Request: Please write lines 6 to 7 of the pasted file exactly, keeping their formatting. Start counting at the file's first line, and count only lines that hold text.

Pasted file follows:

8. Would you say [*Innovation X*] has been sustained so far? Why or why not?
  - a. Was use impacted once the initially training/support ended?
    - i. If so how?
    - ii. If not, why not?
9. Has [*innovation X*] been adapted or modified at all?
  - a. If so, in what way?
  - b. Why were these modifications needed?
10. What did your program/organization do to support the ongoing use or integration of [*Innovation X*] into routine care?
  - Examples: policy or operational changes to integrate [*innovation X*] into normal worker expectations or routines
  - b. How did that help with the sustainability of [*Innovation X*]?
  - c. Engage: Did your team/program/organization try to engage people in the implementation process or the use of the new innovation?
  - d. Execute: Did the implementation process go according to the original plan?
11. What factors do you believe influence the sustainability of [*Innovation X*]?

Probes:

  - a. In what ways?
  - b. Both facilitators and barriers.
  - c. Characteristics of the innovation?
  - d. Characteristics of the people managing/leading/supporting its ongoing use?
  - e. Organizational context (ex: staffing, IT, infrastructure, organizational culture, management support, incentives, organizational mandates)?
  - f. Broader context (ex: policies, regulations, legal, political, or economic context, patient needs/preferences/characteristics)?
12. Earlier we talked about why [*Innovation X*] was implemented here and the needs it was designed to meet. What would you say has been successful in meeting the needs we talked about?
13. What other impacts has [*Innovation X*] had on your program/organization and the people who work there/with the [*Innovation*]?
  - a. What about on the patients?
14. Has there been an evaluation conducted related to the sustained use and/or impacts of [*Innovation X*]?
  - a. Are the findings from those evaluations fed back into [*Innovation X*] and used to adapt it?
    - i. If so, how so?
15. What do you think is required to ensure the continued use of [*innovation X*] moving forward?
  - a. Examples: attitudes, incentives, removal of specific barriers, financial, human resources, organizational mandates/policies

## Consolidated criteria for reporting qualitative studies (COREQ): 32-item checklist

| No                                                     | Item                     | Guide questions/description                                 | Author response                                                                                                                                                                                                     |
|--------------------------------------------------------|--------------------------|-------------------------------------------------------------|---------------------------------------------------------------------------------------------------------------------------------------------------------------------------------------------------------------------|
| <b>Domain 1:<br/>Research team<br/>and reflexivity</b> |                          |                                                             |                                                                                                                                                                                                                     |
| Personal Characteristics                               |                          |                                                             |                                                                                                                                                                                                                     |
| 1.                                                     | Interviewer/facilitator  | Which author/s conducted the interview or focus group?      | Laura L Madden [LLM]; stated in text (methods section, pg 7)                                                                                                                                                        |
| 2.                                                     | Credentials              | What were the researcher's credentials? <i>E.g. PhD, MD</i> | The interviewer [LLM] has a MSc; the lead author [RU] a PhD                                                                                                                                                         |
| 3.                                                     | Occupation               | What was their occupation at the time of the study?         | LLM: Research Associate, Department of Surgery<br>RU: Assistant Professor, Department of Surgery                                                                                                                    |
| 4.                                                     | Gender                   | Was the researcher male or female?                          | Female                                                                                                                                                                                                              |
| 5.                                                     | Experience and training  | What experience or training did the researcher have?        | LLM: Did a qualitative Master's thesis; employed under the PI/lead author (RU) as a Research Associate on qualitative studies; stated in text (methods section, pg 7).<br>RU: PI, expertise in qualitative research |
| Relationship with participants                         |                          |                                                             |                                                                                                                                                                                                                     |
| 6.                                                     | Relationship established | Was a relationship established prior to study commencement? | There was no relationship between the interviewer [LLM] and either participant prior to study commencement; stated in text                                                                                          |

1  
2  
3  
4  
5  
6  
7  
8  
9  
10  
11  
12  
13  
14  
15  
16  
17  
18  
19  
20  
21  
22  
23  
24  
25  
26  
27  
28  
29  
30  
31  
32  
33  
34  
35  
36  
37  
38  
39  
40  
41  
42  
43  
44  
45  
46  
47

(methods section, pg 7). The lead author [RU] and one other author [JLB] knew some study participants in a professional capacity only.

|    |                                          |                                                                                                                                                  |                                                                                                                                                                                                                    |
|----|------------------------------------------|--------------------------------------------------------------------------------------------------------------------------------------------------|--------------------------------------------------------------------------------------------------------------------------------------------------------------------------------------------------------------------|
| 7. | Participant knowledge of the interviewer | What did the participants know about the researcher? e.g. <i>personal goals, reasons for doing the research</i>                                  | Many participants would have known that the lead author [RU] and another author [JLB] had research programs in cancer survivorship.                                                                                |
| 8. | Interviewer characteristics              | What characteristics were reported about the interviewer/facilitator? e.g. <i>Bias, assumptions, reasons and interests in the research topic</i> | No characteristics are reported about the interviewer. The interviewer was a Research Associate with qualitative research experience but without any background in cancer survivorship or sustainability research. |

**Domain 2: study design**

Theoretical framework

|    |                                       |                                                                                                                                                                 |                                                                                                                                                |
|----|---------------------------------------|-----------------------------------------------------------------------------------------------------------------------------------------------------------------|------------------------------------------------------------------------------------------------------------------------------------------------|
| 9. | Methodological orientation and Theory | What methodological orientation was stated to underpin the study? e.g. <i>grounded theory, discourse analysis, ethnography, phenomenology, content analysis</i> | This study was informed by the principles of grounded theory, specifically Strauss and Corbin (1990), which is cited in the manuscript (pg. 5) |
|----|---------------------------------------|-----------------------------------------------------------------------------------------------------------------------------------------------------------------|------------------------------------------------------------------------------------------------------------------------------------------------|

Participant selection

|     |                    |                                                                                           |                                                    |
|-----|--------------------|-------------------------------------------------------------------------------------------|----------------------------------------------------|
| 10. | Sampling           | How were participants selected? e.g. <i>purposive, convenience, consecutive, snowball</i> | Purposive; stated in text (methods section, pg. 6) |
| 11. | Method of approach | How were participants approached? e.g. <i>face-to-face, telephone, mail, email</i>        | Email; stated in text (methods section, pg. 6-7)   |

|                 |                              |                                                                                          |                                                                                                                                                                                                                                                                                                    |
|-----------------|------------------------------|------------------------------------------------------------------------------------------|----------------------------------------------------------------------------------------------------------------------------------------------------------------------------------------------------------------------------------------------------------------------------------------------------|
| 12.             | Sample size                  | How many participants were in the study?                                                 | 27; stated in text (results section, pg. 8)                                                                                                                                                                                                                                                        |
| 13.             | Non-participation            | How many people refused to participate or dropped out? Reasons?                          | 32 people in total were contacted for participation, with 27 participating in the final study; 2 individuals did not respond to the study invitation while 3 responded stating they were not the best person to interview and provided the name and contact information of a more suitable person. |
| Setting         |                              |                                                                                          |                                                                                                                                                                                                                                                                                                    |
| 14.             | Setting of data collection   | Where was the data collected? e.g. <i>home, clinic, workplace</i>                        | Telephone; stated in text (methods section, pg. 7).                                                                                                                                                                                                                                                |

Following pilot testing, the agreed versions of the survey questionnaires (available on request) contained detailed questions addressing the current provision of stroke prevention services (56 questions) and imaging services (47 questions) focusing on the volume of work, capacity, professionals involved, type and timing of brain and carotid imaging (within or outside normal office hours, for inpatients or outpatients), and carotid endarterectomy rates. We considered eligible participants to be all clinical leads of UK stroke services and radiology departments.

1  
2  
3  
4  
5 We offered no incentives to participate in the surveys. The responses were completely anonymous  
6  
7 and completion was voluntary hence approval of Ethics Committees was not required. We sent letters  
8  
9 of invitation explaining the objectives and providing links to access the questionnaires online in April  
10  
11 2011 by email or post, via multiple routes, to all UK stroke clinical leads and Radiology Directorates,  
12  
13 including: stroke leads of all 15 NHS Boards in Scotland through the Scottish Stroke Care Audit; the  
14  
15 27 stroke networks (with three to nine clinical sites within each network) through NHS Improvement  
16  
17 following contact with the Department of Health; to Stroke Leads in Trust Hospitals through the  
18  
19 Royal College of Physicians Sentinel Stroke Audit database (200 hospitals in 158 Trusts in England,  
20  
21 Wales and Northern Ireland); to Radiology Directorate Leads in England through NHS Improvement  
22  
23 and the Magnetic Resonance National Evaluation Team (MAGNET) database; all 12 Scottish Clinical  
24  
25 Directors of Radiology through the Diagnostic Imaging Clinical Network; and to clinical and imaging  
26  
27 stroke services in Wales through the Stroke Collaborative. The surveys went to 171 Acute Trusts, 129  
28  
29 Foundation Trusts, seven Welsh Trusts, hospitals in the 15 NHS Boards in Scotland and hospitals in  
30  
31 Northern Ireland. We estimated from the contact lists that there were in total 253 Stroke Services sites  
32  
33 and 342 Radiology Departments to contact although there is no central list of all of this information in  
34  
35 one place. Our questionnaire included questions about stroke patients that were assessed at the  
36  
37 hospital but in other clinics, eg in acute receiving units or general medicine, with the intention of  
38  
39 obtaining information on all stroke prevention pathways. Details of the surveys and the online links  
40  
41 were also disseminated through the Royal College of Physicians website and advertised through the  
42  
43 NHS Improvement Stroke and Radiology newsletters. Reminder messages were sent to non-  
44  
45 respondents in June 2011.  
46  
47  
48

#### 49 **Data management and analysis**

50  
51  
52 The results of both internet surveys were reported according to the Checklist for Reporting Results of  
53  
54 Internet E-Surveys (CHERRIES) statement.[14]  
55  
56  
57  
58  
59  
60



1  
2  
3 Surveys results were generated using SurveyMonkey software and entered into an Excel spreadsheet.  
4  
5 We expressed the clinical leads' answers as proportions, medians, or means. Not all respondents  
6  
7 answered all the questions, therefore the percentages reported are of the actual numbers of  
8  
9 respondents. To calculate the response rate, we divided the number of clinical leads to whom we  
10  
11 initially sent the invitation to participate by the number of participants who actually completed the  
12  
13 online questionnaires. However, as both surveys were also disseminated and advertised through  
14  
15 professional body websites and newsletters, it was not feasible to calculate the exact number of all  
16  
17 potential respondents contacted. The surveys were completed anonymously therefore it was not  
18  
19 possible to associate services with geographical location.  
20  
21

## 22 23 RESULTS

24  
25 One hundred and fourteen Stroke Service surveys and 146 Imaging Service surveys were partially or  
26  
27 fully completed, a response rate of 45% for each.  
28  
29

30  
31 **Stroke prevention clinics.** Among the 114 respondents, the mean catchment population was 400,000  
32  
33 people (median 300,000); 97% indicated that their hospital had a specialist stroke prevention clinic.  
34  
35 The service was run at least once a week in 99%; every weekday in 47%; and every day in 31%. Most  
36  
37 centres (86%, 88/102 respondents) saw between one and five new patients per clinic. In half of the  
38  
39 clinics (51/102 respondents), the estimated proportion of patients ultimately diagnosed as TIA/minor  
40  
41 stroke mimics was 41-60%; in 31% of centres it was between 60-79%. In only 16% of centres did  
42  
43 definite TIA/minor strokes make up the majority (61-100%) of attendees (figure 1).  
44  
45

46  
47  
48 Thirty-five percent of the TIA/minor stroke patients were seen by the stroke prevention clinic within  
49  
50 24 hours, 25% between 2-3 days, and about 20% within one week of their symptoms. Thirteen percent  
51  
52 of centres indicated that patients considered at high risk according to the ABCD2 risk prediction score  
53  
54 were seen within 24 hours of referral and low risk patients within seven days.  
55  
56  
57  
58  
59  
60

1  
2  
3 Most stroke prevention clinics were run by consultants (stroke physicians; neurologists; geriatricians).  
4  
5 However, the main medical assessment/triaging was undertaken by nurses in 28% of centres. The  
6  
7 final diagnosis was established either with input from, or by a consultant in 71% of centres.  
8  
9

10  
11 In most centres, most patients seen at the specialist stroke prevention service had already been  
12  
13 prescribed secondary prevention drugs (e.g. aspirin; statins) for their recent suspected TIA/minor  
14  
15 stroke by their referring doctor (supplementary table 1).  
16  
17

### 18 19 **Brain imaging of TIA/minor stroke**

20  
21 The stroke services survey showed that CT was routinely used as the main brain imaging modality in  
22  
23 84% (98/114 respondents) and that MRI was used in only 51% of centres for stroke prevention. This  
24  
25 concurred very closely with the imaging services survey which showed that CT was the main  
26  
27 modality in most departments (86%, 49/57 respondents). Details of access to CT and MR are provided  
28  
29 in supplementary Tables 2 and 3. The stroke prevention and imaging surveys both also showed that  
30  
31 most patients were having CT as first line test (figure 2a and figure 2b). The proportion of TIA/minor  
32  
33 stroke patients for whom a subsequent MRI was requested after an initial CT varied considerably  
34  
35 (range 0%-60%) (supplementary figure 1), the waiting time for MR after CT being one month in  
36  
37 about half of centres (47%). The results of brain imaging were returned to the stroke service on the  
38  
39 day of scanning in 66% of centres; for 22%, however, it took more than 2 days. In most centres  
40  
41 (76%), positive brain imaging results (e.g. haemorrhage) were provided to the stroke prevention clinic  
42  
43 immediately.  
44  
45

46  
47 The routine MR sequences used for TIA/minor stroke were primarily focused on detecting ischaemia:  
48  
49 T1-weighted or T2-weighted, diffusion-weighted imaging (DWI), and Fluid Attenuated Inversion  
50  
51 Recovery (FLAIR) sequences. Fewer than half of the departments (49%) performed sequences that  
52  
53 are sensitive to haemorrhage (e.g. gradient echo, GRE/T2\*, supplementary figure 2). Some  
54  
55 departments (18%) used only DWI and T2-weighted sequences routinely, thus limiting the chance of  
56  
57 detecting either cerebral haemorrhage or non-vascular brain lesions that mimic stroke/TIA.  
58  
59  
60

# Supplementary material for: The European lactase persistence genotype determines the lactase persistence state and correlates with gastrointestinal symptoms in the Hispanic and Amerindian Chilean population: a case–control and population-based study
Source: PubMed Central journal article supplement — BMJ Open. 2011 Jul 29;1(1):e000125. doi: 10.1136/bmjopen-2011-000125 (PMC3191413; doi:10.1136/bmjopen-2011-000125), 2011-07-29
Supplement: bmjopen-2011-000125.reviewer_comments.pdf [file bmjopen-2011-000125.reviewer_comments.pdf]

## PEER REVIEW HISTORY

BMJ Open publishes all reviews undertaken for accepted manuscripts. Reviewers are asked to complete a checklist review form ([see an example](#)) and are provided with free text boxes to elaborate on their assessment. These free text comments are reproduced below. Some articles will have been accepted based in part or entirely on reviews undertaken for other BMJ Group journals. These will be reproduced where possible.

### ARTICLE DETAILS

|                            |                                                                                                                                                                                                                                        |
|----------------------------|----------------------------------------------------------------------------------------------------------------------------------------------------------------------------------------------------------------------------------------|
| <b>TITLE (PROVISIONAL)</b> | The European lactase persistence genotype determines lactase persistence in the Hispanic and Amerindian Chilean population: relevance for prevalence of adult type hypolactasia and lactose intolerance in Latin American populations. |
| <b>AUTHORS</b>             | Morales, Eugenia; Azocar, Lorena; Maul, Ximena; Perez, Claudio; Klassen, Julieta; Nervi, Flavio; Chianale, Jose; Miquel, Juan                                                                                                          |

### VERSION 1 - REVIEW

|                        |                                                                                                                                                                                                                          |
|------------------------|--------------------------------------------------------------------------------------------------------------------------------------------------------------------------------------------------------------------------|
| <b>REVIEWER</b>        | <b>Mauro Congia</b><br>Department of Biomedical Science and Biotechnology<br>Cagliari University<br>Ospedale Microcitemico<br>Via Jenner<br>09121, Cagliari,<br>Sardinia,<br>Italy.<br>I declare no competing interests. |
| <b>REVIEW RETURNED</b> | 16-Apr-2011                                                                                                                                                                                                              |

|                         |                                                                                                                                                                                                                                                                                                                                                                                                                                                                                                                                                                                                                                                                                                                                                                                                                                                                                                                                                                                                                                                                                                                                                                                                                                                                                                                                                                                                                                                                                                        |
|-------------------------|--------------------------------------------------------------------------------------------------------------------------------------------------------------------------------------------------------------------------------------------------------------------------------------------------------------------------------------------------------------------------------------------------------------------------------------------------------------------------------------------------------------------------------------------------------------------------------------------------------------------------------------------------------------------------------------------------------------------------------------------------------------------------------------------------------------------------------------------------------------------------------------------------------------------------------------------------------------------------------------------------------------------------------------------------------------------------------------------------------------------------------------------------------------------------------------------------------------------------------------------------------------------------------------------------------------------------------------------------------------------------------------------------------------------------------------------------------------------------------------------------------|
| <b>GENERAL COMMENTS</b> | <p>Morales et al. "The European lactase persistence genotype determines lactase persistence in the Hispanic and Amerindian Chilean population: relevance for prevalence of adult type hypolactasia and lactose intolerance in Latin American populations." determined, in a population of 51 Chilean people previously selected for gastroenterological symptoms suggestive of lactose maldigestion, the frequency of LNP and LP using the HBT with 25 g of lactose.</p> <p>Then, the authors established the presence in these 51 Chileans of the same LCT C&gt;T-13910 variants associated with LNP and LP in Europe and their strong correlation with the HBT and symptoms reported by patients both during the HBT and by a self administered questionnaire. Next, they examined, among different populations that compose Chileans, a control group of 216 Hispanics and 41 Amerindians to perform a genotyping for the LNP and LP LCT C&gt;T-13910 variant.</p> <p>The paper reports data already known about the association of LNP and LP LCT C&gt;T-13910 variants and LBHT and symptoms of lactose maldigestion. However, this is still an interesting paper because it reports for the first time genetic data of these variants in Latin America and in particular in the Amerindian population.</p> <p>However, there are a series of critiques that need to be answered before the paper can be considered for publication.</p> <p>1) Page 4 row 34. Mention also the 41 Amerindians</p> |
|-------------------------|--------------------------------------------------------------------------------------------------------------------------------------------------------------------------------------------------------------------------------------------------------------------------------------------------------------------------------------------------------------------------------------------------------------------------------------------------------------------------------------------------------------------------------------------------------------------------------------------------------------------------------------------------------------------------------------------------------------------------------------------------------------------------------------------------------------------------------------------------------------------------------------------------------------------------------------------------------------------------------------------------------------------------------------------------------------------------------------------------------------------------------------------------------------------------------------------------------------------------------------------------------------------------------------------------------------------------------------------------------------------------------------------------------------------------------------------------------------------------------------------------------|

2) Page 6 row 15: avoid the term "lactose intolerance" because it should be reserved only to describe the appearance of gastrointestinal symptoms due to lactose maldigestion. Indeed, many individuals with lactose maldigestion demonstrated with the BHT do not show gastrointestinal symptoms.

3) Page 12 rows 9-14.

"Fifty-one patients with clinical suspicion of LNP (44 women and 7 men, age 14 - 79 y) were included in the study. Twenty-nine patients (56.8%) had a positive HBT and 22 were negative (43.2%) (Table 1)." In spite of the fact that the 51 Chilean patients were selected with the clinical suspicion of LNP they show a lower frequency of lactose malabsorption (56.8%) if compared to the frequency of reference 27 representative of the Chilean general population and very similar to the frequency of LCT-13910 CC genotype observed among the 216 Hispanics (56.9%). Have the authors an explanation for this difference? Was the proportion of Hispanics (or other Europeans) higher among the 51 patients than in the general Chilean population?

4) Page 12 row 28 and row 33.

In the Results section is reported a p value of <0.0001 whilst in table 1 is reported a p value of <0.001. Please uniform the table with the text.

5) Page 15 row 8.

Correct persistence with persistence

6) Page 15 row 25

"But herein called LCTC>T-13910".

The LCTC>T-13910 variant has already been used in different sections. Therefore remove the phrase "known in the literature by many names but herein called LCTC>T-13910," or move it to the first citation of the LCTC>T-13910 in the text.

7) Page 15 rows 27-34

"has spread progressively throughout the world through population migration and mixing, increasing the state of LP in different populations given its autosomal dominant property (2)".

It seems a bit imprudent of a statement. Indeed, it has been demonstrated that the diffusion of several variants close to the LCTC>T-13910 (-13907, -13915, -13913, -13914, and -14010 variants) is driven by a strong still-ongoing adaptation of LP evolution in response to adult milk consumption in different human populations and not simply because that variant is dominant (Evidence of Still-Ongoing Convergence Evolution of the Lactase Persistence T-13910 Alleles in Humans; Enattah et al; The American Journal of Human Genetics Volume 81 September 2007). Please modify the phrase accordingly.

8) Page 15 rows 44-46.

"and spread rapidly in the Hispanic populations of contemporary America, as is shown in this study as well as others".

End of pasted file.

  - a. If so, in what way?
  - b. Why were these modifications needed?